To tame future financial crises, the Federal Reserve System and other federal agencies are considering increases in bank capital ratios.
Financial crises, as we know, induce losses to banks, businesses, borrowers, employees and depositors. Excessive bank financial risk is widely believed to lie at the heart of the risk problem. But to prevent future crises, even if induced by regulatory actions, standard wisdom suggests more regulation. Put another way, the one sure cure for regulatory failure is more regulation.
REGULATORS REGARD a bank’s leverage ratio – the ratio of its capital to its total assets – as the single best measure of its financial risk. The higher this ratio, the lower is the risk of failure. In fact, on July 10, regulators were considering doubling this ratio requirement (from 3 percent to 6) for eight of our largest banks.
Remembering that a bank’s loans are a significant portion of its assets, while its deposits are liabilities, how – in the attempt to control bank financial risk – did banks become governed by financial ratios? At best, they are only loose indicators of risk.
Much pre-1933 U.S. banking regulatory history may be explained by political efforts to protect bank depositors through mandating bank observance of various ratios, especially the ratio of bank cash assets to its deposits.
But doesn’t the FDIC take care of depositor risks? Since 1933 it has stood behind depositors, but as will be argued, ironically this insurance is a major part of the current bank-risk problem.
REGULATORY FOCUS on bank depositors has its roots in the 1830s, when the state of New York enacted the first law mandating banks to keep a certain amount of their cash assets relative to deposits as reserves – the so-called reserve ratio. Adherence to this standard was expected to help banks better meet uncertain cash demands of their depositors and thus prevent a “run” on banks, when depositors withdraw deposits in a panic, and thus precipitate bank failures. When the Federal Reserve System was formed in 1913, Congress mandated such reserve ratios for its member banks.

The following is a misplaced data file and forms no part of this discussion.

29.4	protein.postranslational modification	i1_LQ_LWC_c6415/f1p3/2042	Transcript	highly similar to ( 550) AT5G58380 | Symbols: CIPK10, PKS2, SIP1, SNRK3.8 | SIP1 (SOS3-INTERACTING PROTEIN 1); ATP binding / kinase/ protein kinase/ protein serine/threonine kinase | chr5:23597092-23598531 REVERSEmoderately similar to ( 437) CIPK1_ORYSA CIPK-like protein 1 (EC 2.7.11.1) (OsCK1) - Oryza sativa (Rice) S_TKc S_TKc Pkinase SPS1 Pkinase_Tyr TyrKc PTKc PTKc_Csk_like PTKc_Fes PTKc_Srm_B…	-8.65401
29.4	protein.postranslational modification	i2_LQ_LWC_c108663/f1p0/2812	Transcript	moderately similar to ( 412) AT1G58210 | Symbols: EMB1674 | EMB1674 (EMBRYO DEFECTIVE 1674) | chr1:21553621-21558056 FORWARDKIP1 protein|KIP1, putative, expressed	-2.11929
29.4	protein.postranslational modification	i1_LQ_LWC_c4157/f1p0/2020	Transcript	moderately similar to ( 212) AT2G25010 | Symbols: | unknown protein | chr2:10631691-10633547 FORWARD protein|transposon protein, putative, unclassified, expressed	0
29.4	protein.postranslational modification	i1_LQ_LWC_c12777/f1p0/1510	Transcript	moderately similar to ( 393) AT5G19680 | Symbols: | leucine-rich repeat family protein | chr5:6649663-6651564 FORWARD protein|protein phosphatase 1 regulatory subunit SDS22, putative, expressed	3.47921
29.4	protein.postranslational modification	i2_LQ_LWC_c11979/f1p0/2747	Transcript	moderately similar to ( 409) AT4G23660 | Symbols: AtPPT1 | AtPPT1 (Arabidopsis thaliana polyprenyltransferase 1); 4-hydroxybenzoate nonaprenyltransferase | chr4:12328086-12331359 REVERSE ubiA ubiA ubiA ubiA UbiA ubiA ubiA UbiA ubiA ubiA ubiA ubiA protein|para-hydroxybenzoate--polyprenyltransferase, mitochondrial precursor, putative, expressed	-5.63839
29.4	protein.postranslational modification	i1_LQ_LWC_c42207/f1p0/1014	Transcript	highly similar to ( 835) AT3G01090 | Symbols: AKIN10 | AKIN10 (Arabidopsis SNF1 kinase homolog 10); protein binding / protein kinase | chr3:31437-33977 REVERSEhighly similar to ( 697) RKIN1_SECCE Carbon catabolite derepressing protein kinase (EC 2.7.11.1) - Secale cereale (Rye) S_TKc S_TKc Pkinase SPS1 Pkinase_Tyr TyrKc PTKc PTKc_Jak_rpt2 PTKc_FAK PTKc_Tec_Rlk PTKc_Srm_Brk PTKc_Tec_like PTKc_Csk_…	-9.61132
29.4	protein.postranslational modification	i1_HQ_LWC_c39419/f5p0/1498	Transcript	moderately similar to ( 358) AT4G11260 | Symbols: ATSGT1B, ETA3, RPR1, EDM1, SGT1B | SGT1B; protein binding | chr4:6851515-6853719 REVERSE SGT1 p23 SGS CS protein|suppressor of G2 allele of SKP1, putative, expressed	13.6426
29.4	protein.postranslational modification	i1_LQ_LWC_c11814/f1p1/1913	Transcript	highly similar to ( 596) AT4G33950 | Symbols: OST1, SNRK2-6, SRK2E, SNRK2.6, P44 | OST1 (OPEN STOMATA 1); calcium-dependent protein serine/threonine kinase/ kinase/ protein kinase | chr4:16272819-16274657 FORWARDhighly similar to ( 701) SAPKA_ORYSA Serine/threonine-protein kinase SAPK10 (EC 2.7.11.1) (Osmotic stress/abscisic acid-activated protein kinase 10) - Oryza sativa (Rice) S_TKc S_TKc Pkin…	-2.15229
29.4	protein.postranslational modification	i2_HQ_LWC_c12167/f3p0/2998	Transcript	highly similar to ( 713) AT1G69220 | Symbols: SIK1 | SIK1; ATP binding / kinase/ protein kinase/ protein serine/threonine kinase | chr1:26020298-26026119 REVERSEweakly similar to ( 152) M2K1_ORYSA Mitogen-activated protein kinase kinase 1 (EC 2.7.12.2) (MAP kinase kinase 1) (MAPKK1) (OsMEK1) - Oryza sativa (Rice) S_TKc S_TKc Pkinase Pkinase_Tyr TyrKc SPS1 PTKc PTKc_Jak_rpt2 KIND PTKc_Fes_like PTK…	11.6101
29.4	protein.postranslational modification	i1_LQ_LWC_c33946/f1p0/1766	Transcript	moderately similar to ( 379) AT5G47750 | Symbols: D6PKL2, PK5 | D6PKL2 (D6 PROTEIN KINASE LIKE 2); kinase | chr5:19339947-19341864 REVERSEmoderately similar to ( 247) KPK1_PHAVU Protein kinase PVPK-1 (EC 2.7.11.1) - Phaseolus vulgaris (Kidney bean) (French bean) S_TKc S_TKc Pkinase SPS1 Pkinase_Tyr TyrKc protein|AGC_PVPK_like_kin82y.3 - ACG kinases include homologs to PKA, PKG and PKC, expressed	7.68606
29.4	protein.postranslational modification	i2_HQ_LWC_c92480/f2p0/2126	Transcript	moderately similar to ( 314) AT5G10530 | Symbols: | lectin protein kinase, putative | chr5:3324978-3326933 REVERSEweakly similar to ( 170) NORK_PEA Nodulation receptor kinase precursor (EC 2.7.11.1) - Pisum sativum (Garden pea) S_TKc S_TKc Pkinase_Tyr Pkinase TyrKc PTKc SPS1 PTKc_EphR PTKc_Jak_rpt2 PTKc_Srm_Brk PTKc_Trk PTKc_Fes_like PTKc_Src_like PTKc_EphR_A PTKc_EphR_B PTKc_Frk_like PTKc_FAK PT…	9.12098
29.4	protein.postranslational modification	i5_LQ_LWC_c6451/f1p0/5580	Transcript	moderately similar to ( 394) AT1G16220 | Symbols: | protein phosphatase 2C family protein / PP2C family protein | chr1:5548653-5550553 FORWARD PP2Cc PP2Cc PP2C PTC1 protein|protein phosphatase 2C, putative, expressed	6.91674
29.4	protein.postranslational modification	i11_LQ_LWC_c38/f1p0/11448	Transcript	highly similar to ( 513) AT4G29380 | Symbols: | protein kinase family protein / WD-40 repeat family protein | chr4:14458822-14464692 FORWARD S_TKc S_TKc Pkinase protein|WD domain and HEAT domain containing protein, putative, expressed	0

The financial crisis of the Great Depression, however, with its thousands of bank failures and depositor losses, falsely convinced regulators that government insurance was needed to protect depositors. Hence, the FDIC was born, which sought to provide depositor comfort.
BUT THE FDIC brought unexpected consequences. Since depositors were now insured for their losses, banks in search of higher profits were encouraged to assume higher-risk loans and investments. At the same time, deposit insurance encouraged banks to assume riskier liability structures – e.g., greater amounts of short-term debt relative to long-term liabilities – and discouraged depositors from using due diligence to assess the risk and quality
of the bank that holds their deposits.
It wasn’t long, however, that regulators recognized this perverse incentive and swelled the amount of resources devoted to bank-risk regulation. This massive effort, while intended to curb risk appetites of bankers, proved costly to both the taxpaying public and to banks.